Finally, if a figure looks the part and invites us to interact with it, or if it oozes character that can’t be ignored, what importance should we give to the element of quality? Liam Davey of Toyboxsoapbox says “Quality is a term I think often gets misused as a list of tick boxes for features. A toy can have all the paint, wrist swivels and die cast in the world, but if the transformation is so complex and fragile you don’t want to touch the figure – what’s the point? A toy doesn’t have to have all the bells and whistles to be a quality figure and we sometimes get hung up on the small stuff like articulated hands. An important art, often lost in the mad rush to get everything as show accurate as possible, is that tactile feeling of being able to confidently manipulate and transform the figure. It can make (Masterpiece) or break a figure (Ollie), elevate others (Titans Return) and unlock something nostalgic deep inside. To me that is the most fundamental quality of what makes a Transformer toy great.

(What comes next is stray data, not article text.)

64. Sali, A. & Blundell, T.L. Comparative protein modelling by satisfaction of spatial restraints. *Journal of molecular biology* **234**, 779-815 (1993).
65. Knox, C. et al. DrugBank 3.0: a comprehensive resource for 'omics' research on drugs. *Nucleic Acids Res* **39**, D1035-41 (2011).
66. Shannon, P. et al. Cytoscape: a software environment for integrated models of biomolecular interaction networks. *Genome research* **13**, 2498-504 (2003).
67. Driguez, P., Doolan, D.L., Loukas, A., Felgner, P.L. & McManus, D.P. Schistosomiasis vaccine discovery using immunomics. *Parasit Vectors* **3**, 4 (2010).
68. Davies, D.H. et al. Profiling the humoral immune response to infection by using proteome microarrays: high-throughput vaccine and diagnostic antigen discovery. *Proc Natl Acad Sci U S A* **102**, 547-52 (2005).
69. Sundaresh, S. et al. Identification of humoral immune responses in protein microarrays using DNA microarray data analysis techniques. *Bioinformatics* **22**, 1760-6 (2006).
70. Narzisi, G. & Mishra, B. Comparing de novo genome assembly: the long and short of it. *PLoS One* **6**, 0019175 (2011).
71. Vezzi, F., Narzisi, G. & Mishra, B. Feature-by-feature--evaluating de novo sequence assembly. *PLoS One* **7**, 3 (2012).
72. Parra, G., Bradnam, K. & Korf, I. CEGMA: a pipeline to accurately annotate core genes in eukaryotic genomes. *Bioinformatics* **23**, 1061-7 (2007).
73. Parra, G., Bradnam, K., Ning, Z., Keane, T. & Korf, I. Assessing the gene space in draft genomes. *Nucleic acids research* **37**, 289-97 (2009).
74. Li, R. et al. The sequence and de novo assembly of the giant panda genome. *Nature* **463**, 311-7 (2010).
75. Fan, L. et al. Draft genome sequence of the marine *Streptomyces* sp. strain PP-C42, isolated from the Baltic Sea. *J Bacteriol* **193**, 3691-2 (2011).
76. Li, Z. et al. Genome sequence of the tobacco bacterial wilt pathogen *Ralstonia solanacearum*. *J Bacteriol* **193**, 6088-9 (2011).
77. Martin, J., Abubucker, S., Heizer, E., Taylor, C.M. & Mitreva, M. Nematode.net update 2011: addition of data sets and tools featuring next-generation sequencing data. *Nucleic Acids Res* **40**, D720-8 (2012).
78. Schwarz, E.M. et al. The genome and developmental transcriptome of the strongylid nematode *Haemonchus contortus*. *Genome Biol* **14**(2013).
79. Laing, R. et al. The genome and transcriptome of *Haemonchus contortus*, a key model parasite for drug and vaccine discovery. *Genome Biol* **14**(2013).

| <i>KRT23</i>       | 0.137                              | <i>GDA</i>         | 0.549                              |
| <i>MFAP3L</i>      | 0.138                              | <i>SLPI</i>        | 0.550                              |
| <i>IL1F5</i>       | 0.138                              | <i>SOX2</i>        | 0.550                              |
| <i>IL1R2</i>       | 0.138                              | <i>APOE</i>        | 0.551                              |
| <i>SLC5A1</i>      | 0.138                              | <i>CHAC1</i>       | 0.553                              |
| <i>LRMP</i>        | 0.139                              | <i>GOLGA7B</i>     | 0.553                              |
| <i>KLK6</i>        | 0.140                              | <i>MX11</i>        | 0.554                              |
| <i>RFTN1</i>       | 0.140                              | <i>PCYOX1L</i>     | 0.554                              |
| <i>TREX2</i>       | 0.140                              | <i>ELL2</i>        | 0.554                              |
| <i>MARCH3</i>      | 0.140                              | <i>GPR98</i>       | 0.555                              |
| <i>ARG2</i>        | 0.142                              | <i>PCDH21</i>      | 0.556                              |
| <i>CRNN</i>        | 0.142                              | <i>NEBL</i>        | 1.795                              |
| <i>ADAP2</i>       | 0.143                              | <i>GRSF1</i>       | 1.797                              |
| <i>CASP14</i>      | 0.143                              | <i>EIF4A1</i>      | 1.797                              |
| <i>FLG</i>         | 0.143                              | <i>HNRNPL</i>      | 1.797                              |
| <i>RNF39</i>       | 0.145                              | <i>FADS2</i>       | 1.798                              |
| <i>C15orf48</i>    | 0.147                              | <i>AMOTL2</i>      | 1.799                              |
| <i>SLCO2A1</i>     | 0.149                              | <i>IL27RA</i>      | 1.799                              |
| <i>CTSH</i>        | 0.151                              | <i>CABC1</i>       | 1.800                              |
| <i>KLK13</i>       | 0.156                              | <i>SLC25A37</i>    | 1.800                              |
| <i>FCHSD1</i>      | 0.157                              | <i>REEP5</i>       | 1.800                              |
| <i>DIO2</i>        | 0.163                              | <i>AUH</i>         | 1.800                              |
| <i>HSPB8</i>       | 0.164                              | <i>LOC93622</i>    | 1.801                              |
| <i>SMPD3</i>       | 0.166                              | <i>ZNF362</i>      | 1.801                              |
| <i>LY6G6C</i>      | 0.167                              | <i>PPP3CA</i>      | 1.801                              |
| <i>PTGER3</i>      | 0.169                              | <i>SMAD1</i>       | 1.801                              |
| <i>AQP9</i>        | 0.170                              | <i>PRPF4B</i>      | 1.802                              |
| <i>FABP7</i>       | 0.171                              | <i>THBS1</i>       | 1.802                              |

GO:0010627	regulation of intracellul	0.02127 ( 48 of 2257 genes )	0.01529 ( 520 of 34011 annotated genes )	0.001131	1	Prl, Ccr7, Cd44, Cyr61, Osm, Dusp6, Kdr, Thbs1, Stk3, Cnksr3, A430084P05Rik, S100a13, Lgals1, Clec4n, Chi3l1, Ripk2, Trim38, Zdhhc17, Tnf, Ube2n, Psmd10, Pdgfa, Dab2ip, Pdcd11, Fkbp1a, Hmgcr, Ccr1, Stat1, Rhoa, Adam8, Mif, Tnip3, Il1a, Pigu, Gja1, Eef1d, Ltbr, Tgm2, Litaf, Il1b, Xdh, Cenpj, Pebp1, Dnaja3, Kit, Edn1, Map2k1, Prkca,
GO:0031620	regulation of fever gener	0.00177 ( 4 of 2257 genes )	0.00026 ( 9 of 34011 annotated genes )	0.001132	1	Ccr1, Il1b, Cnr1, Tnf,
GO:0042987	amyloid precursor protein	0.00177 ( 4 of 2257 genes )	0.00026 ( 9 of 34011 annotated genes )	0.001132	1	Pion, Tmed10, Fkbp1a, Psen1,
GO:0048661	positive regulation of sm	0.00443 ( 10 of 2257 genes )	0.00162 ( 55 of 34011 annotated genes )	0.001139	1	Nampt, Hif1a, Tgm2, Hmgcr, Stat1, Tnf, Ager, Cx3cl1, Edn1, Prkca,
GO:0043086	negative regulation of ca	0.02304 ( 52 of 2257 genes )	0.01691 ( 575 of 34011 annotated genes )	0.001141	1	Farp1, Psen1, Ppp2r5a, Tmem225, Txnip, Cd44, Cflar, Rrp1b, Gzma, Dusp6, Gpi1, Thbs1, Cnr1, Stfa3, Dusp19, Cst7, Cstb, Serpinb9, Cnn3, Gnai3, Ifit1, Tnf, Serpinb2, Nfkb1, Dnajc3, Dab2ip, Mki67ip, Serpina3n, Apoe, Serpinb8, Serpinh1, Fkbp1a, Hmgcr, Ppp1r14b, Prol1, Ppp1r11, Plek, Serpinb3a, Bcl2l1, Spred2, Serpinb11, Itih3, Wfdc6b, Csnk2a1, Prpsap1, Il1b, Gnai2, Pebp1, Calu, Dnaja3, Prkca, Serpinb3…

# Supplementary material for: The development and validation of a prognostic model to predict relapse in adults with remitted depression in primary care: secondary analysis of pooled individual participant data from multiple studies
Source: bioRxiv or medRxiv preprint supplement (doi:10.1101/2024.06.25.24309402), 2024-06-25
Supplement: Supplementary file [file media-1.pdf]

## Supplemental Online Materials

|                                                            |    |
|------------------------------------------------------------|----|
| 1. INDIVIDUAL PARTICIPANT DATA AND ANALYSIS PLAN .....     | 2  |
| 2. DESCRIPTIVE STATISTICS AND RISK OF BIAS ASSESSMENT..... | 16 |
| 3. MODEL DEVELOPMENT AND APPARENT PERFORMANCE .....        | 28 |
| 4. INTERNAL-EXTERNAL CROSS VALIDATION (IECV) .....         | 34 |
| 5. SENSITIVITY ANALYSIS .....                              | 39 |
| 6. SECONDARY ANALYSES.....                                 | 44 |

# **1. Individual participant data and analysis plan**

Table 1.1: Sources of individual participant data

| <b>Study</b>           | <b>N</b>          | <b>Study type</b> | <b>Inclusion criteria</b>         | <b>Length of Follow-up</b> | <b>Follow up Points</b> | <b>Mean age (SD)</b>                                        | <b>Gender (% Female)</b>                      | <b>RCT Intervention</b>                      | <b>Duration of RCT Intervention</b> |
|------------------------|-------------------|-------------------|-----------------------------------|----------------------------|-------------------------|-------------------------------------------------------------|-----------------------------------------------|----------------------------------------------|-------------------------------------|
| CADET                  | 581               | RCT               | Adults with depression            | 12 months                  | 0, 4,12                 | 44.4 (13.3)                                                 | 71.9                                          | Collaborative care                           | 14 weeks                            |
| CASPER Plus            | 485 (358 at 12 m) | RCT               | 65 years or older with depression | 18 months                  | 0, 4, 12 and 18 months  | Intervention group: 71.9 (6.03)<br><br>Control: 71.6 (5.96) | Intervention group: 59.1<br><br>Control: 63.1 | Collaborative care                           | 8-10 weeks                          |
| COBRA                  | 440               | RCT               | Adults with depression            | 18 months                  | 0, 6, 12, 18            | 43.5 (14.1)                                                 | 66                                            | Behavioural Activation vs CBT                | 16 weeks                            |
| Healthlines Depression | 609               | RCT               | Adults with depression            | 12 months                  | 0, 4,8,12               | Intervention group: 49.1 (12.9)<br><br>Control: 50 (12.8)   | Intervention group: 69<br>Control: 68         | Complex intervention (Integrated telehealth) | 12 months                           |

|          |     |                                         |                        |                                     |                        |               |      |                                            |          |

“In recent years we’ve seen the rise of the ‘Masterpiece Moment’, which is now a defining factor for many people when anticipating a new figure. It’s a term used when a Masterpiece transformation does something with elegance and simplicity, but the real reason we all go mad for it is because it captures our imagination and puts us firmly back into our childhood when we were discovering Transformers for the first time. Quality can mean a lot of things to a lot of people, but to me personally it’s capturing that sense of fun and discovery I get from actually playing with the figure that drew me in 30 something years ago and not just trying to fill a gap on people’s shelves”.